Cathy Lanier, the city’s police chief, is set to meet Sunday night at another Orthodox shul, Ohev Sholom — The National Synagogue, to discuss privacy issues related to the case, Ohev Sholom stated in an alert to the community, citing “what images may exist, from what time period, whether those images may have been disclosed or distributed, and how will those images be treated with sensitivity by law enforcement and prosecutors.”
The Forward on Wednesday reported that the Rabbinical Council of America investigated Freundel over the summer on a separate allegation of sexual impropriety. The RCA never took action because the complainant was not able to provide evidence. An insider said the RCA never notified the synagogue’s board of directors of this charge.
Congregants told JTA they were shocked by the allegation. They described Freundel as somewhat aloof and said he delegated much of the personal outreach to his wife, Sharon.
“He came off as academic, intellectual, a space cadet, head in the clouds,” said one former male congregant, a young professional. “The word was out — if you wanted an emotional experience, someone who would hold your hand, go to Rabbi Shemtov,” this congregant said, referring to the senior Chabad rabbi in Washington, Levi Shemtov. “If you wanted rigorous study, go to Kesher.”
“He wasn’t a super warm and cuddly rabbi,” said another male congregant, who, like others interviewed for this story, asked to remain anonymous because of the sensitivity of the issue.
“He would answer whatever she’elahs you had,” this congregant said, using the Hebrew term for questions regarding Jewish law. “He was more than happy to share his thought process from a religious perspective. He was very much the doctor-rabbi.”
Freundel is a on the faculty of Georgetown University’s law school and Towson University in Maryland.
Yet another former congregant, a woman, acknowledged Freundel’s reputation as distant, but said his compassion was manifest through his intellect.
Freundel, a leading rabbi for conversions, was known for his strict adherence to the precepts laid down by the RCA, but would also take care to guide closely converts through what could be a protracted and arduous process. “He has fought so hard for those who wished to make a halachic conversion to Judaism,” this congregant said, using the Hebrew term for Orthodox Jewish precepts. “He would not cut corners, but he was a voice of reason with the rabbinate.”
Freundel hewed a centrist line in some of the recent controversies affecting Orthodoxy: He was among the first to embrace the notion of women presidents for Orthodox congregations, drawing ire from some right-wingers. But he rejected attempts on the Orthodox left to create a class of women clergy, or “rabbahs.” He was known, congregants said, for dismissing rabbis he believed were his intellectual inferiors.
Just last month he told the Washington Jewish Week that the Orthodox community was afflicted by changes in sexual mores. “The lack of sexual morality that pervades this society is all over the place,” he said, “and the Orthodox community, no matter how traditional, is not immune from this, and it creates terrible problems.”
He went on to say: “Pornography and its accessibility is wrecking marriages. It’s two keystrokes away. You get on the computer, you hit the button twice and you’re there. I have not counseled a couple in any level of relationship in the last five years where pornography hasn’t been an issue.”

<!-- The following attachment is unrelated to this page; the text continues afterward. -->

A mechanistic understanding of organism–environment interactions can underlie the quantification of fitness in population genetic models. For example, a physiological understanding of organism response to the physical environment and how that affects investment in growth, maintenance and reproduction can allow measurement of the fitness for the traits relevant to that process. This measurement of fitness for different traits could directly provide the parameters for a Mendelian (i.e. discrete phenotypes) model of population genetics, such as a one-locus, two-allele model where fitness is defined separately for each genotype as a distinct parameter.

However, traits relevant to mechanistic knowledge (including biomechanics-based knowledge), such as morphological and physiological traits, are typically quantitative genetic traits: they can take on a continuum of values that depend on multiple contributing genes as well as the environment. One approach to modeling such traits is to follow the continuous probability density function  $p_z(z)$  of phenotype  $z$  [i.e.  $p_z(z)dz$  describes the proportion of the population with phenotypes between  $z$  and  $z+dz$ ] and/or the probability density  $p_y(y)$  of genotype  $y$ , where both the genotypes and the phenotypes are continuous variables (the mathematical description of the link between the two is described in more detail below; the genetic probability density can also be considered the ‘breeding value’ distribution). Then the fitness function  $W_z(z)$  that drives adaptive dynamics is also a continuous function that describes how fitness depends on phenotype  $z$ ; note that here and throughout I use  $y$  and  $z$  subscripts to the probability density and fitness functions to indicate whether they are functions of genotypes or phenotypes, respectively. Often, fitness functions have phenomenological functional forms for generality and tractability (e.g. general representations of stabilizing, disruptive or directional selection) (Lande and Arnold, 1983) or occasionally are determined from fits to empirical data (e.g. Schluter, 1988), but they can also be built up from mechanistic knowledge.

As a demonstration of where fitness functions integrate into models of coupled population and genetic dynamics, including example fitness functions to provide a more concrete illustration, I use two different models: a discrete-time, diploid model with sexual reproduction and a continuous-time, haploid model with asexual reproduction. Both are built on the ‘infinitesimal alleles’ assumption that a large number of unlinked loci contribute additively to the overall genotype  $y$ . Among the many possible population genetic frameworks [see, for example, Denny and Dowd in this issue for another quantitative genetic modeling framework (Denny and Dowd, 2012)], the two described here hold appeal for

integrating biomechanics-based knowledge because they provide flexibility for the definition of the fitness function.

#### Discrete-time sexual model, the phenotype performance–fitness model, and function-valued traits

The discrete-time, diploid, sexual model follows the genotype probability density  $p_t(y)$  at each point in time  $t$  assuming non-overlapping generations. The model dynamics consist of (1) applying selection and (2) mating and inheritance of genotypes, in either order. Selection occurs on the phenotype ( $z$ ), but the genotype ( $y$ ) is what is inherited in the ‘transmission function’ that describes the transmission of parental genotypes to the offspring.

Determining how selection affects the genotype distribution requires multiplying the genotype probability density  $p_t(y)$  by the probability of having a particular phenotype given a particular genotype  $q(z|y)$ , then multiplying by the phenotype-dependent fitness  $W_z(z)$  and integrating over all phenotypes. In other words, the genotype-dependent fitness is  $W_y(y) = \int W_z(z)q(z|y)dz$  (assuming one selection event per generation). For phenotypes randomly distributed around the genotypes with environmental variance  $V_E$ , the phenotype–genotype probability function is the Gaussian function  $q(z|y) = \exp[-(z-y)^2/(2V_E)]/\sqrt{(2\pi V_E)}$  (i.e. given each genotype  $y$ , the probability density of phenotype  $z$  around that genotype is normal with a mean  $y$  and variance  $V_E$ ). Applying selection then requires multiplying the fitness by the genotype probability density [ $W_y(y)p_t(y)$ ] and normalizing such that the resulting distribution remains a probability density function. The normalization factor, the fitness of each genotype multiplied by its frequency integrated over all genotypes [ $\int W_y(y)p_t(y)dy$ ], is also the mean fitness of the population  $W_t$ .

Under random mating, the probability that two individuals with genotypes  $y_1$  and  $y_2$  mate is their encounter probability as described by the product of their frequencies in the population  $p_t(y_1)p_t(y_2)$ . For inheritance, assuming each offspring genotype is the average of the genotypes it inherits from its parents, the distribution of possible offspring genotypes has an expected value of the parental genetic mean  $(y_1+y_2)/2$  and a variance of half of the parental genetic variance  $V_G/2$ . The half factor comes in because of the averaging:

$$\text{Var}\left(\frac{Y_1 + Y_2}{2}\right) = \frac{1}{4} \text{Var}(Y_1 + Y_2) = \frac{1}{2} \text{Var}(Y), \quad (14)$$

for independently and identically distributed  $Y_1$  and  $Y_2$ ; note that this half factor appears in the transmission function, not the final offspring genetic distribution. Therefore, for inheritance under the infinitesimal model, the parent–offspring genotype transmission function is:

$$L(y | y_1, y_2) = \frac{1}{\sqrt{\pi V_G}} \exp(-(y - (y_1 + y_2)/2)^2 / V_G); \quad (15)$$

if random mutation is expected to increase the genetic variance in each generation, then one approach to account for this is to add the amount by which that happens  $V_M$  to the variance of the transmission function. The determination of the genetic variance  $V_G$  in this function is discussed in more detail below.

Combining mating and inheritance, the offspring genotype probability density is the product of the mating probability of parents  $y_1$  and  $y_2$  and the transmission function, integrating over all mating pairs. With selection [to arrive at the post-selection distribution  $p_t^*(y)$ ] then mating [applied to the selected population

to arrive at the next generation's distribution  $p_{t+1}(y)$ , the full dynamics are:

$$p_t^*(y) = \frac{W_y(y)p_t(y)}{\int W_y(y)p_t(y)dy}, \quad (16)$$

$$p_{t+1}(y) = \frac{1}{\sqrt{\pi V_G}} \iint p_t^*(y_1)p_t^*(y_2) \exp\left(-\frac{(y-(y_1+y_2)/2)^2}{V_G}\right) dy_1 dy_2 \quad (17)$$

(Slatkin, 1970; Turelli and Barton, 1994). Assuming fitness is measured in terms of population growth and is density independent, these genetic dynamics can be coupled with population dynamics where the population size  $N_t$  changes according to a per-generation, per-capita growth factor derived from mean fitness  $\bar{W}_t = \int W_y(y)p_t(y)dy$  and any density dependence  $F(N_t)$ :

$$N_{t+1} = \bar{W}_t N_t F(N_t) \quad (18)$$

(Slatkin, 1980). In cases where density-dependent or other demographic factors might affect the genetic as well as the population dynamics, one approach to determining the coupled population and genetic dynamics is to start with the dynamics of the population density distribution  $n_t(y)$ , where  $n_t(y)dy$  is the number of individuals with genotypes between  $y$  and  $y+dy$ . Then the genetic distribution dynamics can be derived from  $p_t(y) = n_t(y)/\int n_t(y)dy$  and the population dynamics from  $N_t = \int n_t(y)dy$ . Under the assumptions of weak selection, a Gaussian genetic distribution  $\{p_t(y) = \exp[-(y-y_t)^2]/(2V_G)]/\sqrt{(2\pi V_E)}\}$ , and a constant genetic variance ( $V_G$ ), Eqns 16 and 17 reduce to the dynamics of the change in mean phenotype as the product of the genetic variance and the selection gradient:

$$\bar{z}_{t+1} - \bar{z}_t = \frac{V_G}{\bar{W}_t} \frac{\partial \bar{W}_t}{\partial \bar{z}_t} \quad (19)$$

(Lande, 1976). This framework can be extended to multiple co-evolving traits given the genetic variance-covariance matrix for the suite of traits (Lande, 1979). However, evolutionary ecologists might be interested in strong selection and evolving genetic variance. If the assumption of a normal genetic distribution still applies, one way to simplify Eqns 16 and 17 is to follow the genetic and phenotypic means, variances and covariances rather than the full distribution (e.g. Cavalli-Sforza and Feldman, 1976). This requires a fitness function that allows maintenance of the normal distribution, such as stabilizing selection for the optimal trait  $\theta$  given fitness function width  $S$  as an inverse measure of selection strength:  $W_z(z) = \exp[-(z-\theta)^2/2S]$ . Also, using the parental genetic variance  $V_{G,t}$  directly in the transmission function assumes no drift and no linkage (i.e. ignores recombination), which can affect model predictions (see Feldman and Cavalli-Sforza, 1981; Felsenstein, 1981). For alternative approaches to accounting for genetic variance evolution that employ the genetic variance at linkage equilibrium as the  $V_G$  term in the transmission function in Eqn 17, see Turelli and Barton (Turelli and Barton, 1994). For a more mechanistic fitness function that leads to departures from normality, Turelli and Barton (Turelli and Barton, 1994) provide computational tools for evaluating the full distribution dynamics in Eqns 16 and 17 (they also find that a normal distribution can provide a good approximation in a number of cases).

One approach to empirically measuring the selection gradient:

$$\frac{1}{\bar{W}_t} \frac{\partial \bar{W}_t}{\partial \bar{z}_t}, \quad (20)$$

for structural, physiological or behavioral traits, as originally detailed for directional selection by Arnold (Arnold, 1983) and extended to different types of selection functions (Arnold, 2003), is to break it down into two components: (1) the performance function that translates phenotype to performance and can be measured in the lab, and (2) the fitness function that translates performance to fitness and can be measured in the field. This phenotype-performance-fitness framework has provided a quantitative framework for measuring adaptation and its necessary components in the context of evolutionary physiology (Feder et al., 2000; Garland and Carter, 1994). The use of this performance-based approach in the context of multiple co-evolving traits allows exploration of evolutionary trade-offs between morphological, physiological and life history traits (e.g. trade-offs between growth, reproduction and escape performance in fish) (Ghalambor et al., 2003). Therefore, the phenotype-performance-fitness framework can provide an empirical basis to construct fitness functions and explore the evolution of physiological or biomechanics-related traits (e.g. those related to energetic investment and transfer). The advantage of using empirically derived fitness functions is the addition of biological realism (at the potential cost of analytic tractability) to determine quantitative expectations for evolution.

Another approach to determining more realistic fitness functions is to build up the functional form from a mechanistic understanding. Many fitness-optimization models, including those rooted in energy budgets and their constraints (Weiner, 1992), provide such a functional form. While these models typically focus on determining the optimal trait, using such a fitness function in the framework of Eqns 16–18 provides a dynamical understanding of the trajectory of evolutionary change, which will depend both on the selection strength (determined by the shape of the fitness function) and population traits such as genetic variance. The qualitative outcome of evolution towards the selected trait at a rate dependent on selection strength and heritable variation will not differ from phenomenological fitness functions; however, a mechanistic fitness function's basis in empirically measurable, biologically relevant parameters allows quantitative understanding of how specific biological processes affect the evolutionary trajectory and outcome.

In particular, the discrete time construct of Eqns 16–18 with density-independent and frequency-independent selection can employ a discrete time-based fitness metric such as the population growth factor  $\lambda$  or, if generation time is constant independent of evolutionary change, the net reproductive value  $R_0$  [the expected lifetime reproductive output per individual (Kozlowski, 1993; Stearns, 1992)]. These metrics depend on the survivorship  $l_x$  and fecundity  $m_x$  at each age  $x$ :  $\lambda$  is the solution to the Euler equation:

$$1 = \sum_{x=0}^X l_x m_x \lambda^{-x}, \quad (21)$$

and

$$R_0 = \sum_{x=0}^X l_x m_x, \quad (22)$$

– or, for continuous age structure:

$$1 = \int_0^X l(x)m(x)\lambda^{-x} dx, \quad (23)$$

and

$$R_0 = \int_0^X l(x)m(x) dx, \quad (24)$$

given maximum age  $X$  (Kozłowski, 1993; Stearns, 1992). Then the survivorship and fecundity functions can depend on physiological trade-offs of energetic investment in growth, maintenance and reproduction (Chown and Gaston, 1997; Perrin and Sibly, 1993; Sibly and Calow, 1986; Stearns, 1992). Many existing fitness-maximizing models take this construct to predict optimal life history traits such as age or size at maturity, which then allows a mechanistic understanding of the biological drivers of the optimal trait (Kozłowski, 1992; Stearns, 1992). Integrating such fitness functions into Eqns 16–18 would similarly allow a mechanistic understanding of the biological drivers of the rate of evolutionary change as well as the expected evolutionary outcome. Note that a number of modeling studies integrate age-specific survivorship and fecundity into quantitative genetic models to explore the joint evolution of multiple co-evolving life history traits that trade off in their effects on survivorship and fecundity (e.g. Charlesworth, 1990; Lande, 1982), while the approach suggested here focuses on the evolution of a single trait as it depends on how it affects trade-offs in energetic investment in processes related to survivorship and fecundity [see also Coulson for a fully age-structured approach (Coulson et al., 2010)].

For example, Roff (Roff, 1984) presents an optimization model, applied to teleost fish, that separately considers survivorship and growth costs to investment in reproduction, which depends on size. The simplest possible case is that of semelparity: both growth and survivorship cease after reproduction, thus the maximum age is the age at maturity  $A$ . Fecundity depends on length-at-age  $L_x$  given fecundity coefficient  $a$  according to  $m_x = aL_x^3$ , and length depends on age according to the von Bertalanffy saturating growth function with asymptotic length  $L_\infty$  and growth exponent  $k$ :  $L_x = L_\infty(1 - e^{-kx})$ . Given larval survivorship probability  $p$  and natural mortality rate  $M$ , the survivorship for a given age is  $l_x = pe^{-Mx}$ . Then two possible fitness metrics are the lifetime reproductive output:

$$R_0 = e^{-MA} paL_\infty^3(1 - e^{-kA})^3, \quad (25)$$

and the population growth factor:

Rabbi Mark Dratch, the RCA executive vice president, noted Freundel’s role as the chairman of the RCA committee negotiating shared precepts for conversion with the Israeli rabbinate, which in recent years has accused American modern Orthodoxy of laxity in its approach. But Dratch said Freundel was just one figure in an ongoing process, and that it would not be affected by his departure. “Hopefully it doesn’t mean anything, because the process and the protocols are larger than any one individual,” he said.
Dratch extended the RCA’s sympathy to Freundel’s alleged victims.
“We have a lot of empathy for the alleged victims, for all women now who feel vulnerable who come to the mikvah, as well as for the family and for the rabbi himself,” Dratch said. “There’s too much we don’t know to pass judgment, but if true, we are outraged by the behavior of a rabbi in general and especially in an area of religious practice.”
David Greenglass, whose testimony against his sister and brother-in-law — accused spies Julius and Ethel Rosenberg — played a central role in their conviction, recently died at age 92.
JTA had minimal coverage of the Rosenbergs’ trial for spying for the Soviet Union. However, in September of 1950 — soon after the couple was brought before a federal grand jury — it made note of a Denver Post editorial noting that “many of the persons implicated in espionage against the United States have been American citizens of Jewish descent.” The editorial, which named Julius Rosenberg and David Greenglass as examples, praised a Denver rabbi, Manuel Laderman, for blasting Communists, “particularly Communists of Jewish descent,” in a Rosh Hashanah sermon.
In the months before the Rosenbergs were executed, there were numerous unsuccessful rabbinic appeals, from overseas, for clemency: 22 Israeli rabbis on Nov. 18, 1952;
Britain’s chief rabbi on June 12, 1953; and Italy’s Union of Jewish Communities on June 16, 1953. While Israel’s two chief rabbis initially were reported to have signed onto the November letter, the Ashkenazi one (Isaac Herzog) denied he had signed and the Sephardic one (Ben Zion Usiel), said he regretted signing it.
In the United States, Rabbi Abraham Cronbach of Cincinnati was one of only three clergy members urging clemency; he officiated at the Jewish couple’s funeral on June 21, 1953.
Rabbinic opinion the Rosenbergs’ execution was divided, at least in New York:
Rabbi Ira Eisenstein said from his pulpit the Synagogue of the Society for the Advancement of Judaism (Conservative) that “Jewish tradition is unalterably opposed to capital punishment.” Rabbi David J. Seligson, in a sermon at the Central Synagogue (Reform) declared that “a true judgment was passed upon the Rosenbergs in accord with our American principles of evidence.”
Years later, JTA noted in a feature story on a Los Angeles retirement home for “aging Jewish radicals” — many of them former Communists — that the home’s courtyard featured “a rose bush planted in honor of Julius and Ethel Rosenberg.”